Bleeding after Starting MHT, and do Patches and Hot Tubs mix?
Your Questions from the Hormone Menoverse
While I try to answer easier questions in the comments section, I keep those that need more explanation or some research on my part in a file to address later. And for two of those questions, today is the day!
Sorry if this was already discussed, but wondering about spotting after starting HRT. I started the patch and oral prog three weeks ago and spotted this morning. Otherwise, it’s been almost seven months since my last period. Is this normal while my body adjusts to the hormones?
Via The Vajenda
The first thing to know is that you should always report any abnormal bleeding after menopause as well as after starting menopausal hormone therapy (MHT) to your provider. Always. This is because abnormal bleeding is a common symptom of endometrial cancer. In fact, it is such a sensitive sign that 90% of women who develop endometrial cancer experience abnormal bleeding beforehand. Now lots of people have bleeding, and it isn’t cancer (so don’t panic), but bleeding is one of those things that always needs to be mentioned to your provider so they can determine, based on your history, if testing for cancer is needed.
This is one of my concerns with getting hormones online. Is that online doctor going to be available to discuss complications like bleeding? If you need an ultrasound or other tests to evaluate bleeding, will they order them or perform them? If you are going to get hormones from an online clinic, this is a question to ask before you get started.
Irregular bleeding with menopause hormone therapy can happen for several reasons, and deciding which is the most likely in this scenario isn’t possible without more information. I can review the basics, but ultimately, how to proceed is up to you and your provider (and as mentioned, you should report the bleeding to your provider).
Here are the main reasons someone might bleed in the first few months of starting menopause hormone therapy:
You aren’t yet menopausal, so it is menstrual bleeding. When someone says their last period was seven months ago, they are likely in the late menopause transition. Menopause is defined as one year after the last period. It’s not wrong to start hormones for symptoms during the menopause transition, but bleeding, even light bleeding, could be a “gotcha” period.
The hormones themselves. This is either related to relatively more progesterone than estrogen or a disorganization in the lining of the uterus from progesterone/progestin. One caveat is if the progesterone/progestin is taken in a cyclic fashion (meaning for 12 days a month) as opposed to every day, then some bleeding is expected each month.
Pre-cancer or cancer of the endometrium. This wouldn’t be caused by the hormones at three weeks, or even in the first three months, but this needs to be considered for someone with risk factors for endometrial cancer because two things can happen at once, starting hormones and independently developing pre-cancer or cancer of the endometrium. In this situation (7 months since the last period), we doctors need to consider if this is a gotcha period or something else. Cancer of the cervix also always needs to be considered (meaning the bleeding might be from the cervix and not the lining of the uterus).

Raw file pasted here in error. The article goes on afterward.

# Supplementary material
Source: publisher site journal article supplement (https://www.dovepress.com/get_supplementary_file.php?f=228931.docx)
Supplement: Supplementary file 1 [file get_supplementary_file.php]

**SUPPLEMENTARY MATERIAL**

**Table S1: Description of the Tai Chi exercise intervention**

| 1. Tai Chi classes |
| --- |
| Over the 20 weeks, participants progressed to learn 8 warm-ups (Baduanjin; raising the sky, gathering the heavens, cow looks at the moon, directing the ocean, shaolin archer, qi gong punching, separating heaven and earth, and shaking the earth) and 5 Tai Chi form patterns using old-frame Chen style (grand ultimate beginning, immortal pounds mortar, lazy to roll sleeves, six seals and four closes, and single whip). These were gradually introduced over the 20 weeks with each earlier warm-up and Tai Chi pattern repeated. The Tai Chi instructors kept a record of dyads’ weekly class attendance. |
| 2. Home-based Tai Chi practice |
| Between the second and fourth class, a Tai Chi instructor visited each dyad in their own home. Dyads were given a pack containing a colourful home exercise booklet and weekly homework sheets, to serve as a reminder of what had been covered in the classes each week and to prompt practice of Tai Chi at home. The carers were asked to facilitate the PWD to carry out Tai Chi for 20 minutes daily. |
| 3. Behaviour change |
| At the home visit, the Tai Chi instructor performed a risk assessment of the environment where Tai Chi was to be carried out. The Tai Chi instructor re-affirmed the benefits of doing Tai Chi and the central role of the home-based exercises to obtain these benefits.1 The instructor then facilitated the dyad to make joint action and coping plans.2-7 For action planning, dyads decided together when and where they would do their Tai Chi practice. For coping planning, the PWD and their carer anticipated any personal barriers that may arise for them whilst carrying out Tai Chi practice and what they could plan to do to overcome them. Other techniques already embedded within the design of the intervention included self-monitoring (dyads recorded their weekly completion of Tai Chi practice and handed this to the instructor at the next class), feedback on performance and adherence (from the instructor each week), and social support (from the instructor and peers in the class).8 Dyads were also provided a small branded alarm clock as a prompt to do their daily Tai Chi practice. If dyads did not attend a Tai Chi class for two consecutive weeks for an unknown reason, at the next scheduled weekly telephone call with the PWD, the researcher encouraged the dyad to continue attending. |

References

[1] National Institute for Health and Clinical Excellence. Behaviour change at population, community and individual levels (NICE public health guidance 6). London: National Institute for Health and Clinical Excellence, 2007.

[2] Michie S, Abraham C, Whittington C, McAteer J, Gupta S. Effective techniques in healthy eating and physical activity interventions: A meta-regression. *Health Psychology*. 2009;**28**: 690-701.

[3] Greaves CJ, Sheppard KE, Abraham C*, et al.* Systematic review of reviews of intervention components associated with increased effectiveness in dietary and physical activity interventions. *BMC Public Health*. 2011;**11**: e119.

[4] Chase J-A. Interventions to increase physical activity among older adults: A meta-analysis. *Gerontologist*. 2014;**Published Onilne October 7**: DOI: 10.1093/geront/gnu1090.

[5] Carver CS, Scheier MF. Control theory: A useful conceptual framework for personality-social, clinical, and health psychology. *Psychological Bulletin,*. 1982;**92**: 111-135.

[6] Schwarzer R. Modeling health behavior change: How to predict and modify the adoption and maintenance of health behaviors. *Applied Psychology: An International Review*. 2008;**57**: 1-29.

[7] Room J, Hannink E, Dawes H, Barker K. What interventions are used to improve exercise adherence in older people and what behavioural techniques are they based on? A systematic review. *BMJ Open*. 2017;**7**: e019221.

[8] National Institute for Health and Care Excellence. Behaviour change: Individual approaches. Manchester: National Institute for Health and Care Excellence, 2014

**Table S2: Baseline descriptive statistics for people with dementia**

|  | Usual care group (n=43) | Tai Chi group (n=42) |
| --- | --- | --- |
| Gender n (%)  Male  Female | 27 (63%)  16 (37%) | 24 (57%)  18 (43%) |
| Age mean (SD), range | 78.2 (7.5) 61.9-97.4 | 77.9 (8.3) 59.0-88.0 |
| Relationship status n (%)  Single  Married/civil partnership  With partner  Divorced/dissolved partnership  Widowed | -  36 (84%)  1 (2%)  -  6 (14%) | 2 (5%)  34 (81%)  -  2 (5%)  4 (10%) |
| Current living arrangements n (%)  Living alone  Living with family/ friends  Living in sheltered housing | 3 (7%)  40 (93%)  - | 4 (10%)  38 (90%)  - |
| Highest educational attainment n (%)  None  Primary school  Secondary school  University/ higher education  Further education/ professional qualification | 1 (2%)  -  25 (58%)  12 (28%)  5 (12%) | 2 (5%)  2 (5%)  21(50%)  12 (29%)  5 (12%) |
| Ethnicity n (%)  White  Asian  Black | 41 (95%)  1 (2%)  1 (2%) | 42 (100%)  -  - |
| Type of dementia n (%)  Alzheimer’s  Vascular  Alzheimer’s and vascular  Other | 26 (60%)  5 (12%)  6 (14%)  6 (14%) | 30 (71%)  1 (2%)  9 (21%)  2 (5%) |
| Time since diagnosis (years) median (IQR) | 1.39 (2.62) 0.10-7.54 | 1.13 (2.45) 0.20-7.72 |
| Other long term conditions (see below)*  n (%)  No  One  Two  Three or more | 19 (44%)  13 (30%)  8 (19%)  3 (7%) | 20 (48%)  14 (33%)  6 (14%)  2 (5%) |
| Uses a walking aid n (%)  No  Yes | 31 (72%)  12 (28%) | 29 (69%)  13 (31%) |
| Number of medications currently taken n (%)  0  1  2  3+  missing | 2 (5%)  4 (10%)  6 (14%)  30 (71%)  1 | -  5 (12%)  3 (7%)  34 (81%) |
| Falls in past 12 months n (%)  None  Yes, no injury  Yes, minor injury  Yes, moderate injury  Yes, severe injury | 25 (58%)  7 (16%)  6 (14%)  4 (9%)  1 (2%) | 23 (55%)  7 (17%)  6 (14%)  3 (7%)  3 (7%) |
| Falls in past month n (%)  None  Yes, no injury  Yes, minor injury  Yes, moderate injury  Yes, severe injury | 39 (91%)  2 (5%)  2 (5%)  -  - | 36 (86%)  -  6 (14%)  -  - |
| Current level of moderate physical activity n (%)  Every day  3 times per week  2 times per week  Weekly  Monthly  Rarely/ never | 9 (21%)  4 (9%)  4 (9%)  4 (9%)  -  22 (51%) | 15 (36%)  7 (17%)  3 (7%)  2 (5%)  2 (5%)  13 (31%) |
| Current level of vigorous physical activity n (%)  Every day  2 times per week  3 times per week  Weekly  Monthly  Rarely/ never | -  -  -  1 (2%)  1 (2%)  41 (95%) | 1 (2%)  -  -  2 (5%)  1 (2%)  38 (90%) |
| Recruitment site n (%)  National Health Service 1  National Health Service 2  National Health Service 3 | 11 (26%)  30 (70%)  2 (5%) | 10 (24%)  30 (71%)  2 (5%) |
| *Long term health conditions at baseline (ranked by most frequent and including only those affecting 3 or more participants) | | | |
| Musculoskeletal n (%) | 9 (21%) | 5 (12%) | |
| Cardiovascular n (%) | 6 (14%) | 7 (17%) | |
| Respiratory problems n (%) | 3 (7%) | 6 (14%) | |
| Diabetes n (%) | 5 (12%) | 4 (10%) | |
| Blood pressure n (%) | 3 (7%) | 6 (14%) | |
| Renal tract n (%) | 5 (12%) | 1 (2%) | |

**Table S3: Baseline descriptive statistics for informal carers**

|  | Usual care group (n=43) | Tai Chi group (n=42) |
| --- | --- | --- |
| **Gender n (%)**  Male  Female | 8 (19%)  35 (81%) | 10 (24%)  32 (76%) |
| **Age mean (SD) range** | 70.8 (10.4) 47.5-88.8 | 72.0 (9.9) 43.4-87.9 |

Bleeding from another cause in the uterus, most likely a polyp. It’s unlikely the hormones would have caused the polyp to bleed; this scenario, like endometrial cancer, would be a coincidence (correlation, not causation).
There are other less common causes of bleeding, so I’ve just stuck with the main ones here.
To determine the next steps, your provider should consider several factors, including your medical history, your bleeding pattern over the past couple of years, your risk factors for endometrial cancer, and if your cervical cancer screening is up to date to decide on the best course of action. Some of the main risk factors for endometrial cancer include age (the risk increases over age 50), type 2 diabetes, high blood pressure, a history of polycystic ovarian syndrome, and obesity.
In general, most providers are likely comfortable saying that a one-time episode of bleeding in the first three months, and possibly six, after starting MHT is due to hormones or a gotcha period for someone who wasn’t a full year without a period, as long as the person is low risk for endometrial cancer and will be able to follow up if the bleeding happens again. But this is really a case-by-case situation, and it’s essential to discuss any atypical bleeding with your own provider, who can put your risks in perspective and proceed accordingly because, for someone with risk factors for endometrial cancer, testing may be indicated.
I cannot find any information about the estradiol patch and frequent hot tub use. Are you aware of if that is a problem?
Via The Vajenda
Hmmm. Neither could I. So I’ve put together a “best guess” answer from a variety of